2016 winner's story

Josh at Toyota

6th October 2017
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Josh de Wit has been on an incredible journey. Roll back to November 2016 and the University of Sussex student was waiting on stage at the Society of Motor Manufacturers and Traders annual dinner in front of a host of industry experts, wishing for his name to be called out as the winner of the Autocar-Courland Next Generation Award.

Josh did scoop the top prize, and with it he won £9000 and one-month work placements at McLaren, Jaguar Land Rover, Peugeot, Honda, Nissan and Toyota. Now, eight months later, he has just finished his final placement with Toyota and is about to return to university with a wealth of industry experience under his belt. “It’s made me realise exactly what I want to do,” Josh says. “I want to stay in this industry, and it’s been so great seeing all aspects of it.”

Josh has spent the past four weeks working with the product marketing team at Toyota. Based at the Japanese firm’s GB headquarters in Epsom, Surrey, he has been working on everything from car brochures to online marketing, as well as meeting agencies that work with the brand to create car ads. His main objective, however, has been to research connected car systems. “Manufacturers such as Tesla, Mercedes and Audi are moving on very quickly with implementing smartphone connectivity into its cars,” Josh explains. “So I’ve been analysing and evaluating how they do it, and how Toyota can consider its own approach. “This will also ultimately all help develop autonomous driving features, and that’s an exciting thing to be looking into.”

Although Josh’s main interest lies in engineering, he has enjoyed the challenges presented to him in the Toyota marketing team and is grateful for having gained similar experience at other manufacturers. “The research was difficult,” Josh says. “But when it comes to car sharing and autonomous driving, this research will be crucial, so motivation was easy to come by. “People want convenience – that’s what I discovered in my market research. They want their smartphones fully integrated into their vehicles. Streaming music, using sat-nav, having apps showing live parking availability and fuel prices are all important.”

Josh clearly enjoyed his work, and had the chance to present his findings in front of the product marketing team. “It was really helpful getting their views. They’re an awesome team to work with – really fun and supportive,” he says. But, just like all of his other placements, Josh’s experience at Toyota was not confined to the office. He also spent time at the Toyota Motor Manufacturing (UK) factory in Burnaston to see how a car is physically put together through different manufacturing processes. The likes of the Avensis and Auris are made at the Derbyshire facility.

When we meet to discuss his time with Toyota, Josh is wearing a hard hat and high-vis gear after getting shown around Toyota’s engine plant in Deeside, north Wales. “Places like this are the bread and butter of the industry,” Josh says. To fully round off his experience and help immerse himself in what the Toyota brand stands for, he also had a Mirai hydrogen fuel cell vehicle Josh hopes to make the most of his new skills after university loaned to him for three days. “It was so interesting to experience a hydrogen-powered car. I was impressed with how refined it is,” Josh says. “If the infrastructure can catch up, hydrogen has good potential as a fuel of the future.”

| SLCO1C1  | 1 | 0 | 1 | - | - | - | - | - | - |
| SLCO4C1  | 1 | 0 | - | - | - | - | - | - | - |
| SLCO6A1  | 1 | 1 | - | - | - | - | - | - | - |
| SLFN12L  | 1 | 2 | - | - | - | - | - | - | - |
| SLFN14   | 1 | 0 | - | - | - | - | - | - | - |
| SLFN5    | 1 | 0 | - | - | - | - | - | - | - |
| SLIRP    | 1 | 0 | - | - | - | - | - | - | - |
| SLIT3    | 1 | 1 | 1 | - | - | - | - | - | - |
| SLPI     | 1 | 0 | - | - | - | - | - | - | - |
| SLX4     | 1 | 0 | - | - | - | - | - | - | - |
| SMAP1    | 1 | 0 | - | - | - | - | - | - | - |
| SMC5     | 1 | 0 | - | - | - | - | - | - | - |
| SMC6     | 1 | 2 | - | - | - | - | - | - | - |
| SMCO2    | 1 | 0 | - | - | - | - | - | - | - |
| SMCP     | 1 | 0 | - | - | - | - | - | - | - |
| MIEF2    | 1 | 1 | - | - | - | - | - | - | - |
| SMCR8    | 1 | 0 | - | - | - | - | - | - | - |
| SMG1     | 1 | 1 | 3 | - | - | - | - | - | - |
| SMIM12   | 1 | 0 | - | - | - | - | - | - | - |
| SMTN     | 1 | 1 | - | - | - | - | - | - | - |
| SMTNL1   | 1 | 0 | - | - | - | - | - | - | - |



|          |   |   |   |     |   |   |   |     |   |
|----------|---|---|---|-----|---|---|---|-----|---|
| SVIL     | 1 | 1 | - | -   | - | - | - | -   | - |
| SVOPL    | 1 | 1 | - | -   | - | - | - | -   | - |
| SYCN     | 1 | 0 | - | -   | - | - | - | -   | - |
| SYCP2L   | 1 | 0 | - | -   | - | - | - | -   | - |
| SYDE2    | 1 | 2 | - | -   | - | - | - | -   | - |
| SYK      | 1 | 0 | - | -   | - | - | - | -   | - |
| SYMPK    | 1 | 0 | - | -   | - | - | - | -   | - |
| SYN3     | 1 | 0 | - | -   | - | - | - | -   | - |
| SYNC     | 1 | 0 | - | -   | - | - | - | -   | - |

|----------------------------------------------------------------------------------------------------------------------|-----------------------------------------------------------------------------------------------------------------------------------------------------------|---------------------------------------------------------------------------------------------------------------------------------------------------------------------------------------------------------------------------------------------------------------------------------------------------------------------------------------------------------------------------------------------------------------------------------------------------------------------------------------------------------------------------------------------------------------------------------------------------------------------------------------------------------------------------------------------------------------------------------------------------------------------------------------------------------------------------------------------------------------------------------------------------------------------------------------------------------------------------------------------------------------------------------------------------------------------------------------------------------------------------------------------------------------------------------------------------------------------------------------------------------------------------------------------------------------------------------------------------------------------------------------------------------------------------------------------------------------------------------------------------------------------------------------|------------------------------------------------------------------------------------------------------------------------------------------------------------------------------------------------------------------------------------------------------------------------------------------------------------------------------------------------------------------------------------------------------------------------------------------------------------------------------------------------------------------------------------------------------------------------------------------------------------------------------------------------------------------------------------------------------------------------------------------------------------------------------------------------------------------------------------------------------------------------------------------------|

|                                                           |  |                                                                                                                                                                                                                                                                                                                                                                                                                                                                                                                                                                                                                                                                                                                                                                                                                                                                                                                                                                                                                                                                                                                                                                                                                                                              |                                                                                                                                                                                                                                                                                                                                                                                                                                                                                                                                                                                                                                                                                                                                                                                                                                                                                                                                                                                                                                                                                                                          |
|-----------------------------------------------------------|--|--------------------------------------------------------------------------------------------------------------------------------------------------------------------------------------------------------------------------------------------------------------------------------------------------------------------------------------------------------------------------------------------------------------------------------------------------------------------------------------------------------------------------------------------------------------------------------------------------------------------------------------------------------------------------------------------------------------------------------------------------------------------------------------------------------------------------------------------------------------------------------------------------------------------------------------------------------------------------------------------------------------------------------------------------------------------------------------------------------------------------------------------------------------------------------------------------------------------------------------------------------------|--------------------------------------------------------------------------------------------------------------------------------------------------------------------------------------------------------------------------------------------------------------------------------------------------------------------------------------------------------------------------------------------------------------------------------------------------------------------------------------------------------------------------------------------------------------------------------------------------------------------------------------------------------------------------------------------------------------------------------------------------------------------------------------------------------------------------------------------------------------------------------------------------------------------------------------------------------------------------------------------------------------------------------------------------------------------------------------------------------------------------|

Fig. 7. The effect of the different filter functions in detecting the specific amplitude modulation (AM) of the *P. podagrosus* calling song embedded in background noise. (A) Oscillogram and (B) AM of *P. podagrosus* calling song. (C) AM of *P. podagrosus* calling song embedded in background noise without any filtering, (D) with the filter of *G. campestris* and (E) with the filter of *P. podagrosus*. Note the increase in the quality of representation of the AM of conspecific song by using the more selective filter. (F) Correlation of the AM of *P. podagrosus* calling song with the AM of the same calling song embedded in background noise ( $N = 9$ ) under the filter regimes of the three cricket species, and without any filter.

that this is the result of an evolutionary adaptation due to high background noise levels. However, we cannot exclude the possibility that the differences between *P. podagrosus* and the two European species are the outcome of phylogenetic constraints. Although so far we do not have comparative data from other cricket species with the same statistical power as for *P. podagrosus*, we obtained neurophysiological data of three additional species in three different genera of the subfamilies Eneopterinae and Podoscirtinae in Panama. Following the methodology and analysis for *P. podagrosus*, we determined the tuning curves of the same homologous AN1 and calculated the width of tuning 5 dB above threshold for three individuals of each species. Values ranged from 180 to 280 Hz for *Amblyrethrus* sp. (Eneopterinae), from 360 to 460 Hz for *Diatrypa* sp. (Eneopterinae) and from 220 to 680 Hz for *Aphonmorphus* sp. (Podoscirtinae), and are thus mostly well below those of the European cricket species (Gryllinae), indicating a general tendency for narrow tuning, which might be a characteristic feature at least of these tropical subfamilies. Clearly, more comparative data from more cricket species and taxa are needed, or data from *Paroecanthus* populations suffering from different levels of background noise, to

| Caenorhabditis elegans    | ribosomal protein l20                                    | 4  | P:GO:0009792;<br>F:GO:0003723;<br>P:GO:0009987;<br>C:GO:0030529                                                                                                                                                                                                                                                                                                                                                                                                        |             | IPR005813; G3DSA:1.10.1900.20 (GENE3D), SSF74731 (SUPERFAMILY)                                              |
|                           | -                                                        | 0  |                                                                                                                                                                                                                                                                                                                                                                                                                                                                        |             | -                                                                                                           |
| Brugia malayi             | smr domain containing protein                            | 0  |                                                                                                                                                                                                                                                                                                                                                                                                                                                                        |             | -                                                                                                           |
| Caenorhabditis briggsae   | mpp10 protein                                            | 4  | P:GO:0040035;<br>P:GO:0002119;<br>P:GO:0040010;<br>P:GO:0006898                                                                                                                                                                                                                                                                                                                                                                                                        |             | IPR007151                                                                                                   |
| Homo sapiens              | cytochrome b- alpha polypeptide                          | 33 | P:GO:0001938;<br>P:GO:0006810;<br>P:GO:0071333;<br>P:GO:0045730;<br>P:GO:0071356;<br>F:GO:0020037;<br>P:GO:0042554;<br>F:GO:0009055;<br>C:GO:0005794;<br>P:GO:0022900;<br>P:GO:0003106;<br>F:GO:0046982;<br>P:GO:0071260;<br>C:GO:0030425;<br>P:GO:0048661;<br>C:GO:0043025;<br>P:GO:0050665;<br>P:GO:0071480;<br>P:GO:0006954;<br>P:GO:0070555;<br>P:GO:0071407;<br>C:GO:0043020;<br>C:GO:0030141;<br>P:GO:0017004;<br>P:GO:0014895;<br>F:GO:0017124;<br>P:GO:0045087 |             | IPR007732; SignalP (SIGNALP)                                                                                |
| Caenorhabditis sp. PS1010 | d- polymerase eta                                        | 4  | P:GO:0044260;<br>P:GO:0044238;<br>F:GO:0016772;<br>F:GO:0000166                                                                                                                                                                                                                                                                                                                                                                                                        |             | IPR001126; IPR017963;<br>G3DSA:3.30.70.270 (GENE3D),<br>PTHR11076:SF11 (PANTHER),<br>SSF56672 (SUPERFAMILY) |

Now that his placements have come to an end, Josh will return to university for his final year of study in mechanical engineering. “There are so many positives I can take from the Autocar-Courland Next Generation Award,” he says. “Along with all the practical skills it’s given me, it’s been great making so many contacts. It’s opened so many doors. “It’s allowed me to get used to working at different companies, understanding the time and effort that go into these products, taking them from concept through to production and then to selling them.

“I’m looking forward to studying for another year and continuing my development, but it’s been hugely helpful having this real-world experience. It’s helped give me the edge over other undergraduates, and I wouldn’t have had it without the Next Generation Award.”

 

Josh at Honda

10th August 2017
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The penultimate station on Josh de Wit’s whistle-stop tour of the UK motor industry was in Bracknell, Berkshire, the home of Honda.

The mechanical engineering undergraduate and 2016 Autocar-Courland Next Generation Award winner covered a wide variety of departments at Honda and says it was one of his best placements yet.

The first department that Josh experienced was dealer development. “I started by conducting a mystery-shopper report on a Honda dealership,” he says. “Dealerships are selected for this every so often, to check the customer experience meets Honda’s high standards.” 

Josh then went along to another dealership with Honda’s field team to see how relationships with dealers are managed. “The two dealerships were at completely different ends of the spectrum in terms of how they dealt with customers, which was very interesting to experience,” he says. “It’s all well and good engineering things, but they have to be sold effectively. Strategising the dealer network is a never-ending but important challenge.”

It wasn’t just cars that Josh worked with. He spent time with Honda’s divisions for all-terrain vehicles, such as quadbikes, and for motorcycles, and visited the marketing agency in London to see how the brand’s often ground-breaking ads are planned and produced. 

He also attended the Hampton Court Flower Show with Honda Power Equipment to talk to customers about the Miimo electric autonomous lawnmower. “People were put off by the purchase price, but once we told them about the annual running costs of £12.50, they soon warmed to the idea,” he says.